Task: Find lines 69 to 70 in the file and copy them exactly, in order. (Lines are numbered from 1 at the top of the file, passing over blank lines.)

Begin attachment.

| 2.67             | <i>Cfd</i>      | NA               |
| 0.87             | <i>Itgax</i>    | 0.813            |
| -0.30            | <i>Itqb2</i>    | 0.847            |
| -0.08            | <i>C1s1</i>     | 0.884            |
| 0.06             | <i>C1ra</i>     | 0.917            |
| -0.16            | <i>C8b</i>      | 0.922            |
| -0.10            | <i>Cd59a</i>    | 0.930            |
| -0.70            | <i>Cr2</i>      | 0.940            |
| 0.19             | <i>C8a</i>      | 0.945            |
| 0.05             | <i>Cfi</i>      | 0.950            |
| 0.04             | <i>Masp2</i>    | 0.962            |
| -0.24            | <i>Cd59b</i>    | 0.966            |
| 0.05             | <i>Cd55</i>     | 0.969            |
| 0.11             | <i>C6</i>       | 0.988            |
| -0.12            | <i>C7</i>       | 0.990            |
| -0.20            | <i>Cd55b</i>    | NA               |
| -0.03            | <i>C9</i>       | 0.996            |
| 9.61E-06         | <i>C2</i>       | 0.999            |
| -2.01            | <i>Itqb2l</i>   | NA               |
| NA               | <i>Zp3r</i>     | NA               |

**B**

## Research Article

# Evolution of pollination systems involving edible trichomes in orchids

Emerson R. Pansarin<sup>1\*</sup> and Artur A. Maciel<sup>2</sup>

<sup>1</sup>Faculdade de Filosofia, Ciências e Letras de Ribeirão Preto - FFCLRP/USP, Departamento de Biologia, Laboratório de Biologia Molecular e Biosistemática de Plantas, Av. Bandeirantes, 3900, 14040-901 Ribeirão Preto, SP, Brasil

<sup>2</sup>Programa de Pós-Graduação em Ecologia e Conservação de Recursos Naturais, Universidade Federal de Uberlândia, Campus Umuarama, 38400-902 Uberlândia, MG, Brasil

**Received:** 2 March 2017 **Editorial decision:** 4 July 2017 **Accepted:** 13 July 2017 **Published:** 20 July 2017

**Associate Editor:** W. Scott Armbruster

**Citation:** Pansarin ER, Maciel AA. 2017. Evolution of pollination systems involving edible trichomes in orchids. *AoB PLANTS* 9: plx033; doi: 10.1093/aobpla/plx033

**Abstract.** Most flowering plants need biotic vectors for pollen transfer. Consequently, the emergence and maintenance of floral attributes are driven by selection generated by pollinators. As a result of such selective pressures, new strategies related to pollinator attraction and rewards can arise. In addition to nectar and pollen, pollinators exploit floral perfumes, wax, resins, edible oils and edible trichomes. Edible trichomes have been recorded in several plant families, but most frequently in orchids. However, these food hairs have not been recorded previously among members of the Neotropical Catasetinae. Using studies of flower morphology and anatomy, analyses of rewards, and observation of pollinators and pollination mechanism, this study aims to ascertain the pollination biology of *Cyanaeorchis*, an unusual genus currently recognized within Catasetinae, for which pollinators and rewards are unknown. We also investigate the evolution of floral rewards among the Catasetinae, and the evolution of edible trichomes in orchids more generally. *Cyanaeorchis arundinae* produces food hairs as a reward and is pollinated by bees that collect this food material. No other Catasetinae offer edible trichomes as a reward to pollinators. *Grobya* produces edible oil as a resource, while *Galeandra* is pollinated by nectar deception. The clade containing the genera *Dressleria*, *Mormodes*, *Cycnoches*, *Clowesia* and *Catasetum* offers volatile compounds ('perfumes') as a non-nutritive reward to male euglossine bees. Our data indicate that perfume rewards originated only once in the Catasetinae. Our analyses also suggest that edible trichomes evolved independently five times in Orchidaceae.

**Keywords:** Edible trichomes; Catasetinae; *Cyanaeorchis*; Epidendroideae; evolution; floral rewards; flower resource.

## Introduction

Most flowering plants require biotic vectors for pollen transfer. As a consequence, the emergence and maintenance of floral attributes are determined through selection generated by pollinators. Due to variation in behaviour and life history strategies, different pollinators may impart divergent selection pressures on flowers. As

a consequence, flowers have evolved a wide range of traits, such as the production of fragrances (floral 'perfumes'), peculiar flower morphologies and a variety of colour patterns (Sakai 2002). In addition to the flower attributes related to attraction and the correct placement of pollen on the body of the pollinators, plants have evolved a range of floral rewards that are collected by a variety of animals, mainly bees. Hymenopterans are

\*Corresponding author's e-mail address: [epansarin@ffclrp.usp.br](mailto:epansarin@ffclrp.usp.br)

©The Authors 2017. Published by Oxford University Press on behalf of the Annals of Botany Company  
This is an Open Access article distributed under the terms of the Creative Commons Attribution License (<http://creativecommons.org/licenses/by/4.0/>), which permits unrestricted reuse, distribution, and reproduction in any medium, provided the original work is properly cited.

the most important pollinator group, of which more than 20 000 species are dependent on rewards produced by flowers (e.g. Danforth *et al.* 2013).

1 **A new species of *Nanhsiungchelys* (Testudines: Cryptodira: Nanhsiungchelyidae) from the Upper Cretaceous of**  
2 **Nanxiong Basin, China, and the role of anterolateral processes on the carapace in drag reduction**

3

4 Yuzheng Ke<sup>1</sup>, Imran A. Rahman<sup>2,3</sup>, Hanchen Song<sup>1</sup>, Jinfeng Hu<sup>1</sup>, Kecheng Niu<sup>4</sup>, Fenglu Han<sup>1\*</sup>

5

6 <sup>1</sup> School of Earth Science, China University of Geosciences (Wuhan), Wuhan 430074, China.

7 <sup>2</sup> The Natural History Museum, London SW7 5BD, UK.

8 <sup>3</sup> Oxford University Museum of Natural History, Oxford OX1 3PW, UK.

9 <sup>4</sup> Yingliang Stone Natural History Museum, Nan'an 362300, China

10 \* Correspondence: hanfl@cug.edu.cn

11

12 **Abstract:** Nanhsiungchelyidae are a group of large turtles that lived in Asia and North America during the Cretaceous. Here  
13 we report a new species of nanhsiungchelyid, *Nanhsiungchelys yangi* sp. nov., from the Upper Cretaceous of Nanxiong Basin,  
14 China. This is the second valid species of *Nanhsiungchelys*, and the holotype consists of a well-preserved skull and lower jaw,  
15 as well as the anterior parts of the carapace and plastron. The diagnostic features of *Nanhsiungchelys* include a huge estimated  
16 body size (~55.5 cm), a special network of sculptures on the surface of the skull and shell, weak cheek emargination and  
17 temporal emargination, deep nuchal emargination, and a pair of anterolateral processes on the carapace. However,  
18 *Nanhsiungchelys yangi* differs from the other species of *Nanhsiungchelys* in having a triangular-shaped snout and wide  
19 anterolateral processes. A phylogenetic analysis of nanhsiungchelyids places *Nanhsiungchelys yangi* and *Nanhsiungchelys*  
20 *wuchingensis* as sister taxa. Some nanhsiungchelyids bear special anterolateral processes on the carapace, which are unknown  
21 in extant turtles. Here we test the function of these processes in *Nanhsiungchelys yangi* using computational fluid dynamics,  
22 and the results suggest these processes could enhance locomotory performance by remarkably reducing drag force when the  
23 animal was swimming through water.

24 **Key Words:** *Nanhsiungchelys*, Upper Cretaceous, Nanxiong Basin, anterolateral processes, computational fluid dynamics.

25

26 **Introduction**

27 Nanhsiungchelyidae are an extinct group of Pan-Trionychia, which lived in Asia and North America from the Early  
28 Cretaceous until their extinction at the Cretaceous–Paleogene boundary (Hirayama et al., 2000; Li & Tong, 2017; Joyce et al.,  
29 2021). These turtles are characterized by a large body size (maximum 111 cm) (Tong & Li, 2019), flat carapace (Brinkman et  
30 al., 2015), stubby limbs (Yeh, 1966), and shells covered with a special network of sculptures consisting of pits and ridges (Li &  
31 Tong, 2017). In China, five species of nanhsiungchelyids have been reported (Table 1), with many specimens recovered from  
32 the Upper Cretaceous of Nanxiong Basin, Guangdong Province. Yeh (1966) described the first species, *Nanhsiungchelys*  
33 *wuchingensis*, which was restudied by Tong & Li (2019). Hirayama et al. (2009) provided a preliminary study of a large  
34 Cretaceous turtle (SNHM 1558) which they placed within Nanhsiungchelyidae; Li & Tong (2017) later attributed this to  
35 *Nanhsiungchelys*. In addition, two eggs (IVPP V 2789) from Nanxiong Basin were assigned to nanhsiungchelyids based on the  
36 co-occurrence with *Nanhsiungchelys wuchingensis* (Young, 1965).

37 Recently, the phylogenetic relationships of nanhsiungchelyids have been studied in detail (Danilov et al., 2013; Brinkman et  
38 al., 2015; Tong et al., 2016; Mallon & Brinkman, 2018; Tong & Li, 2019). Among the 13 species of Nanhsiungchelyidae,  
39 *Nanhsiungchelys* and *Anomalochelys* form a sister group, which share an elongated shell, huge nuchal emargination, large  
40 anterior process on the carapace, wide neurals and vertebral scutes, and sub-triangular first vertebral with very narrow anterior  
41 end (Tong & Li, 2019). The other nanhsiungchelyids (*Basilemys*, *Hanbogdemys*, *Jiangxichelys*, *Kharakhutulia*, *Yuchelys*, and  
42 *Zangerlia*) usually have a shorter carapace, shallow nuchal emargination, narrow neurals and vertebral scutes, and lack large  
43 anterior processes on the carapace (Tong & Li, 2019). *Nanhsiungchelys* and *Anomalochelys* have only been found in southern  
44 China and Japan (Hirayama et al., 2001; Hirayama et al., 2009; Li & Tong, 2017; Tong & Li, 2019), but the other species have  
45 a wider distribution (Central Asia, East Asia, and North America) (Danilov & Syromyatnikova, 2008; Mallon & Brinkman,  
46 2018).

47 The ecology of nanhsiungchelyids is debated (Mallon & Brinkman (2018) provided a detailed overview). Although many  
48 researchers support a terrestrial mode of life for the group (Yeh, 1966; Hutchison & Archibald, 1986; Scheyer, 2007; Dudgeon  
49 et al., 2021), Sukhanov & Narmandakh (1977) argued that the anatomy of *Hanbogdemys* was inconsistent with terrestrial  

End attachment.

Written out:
31 Tong, 2017). In China, five species of nanhsiungchelyids have been reported (Table 1), with many specimens recovered from  
32 the Upper Cretaceous of Nanxiong Basin, Guangdong Province. Yeh (1966) described the first species, *Nanhsiungchelys*  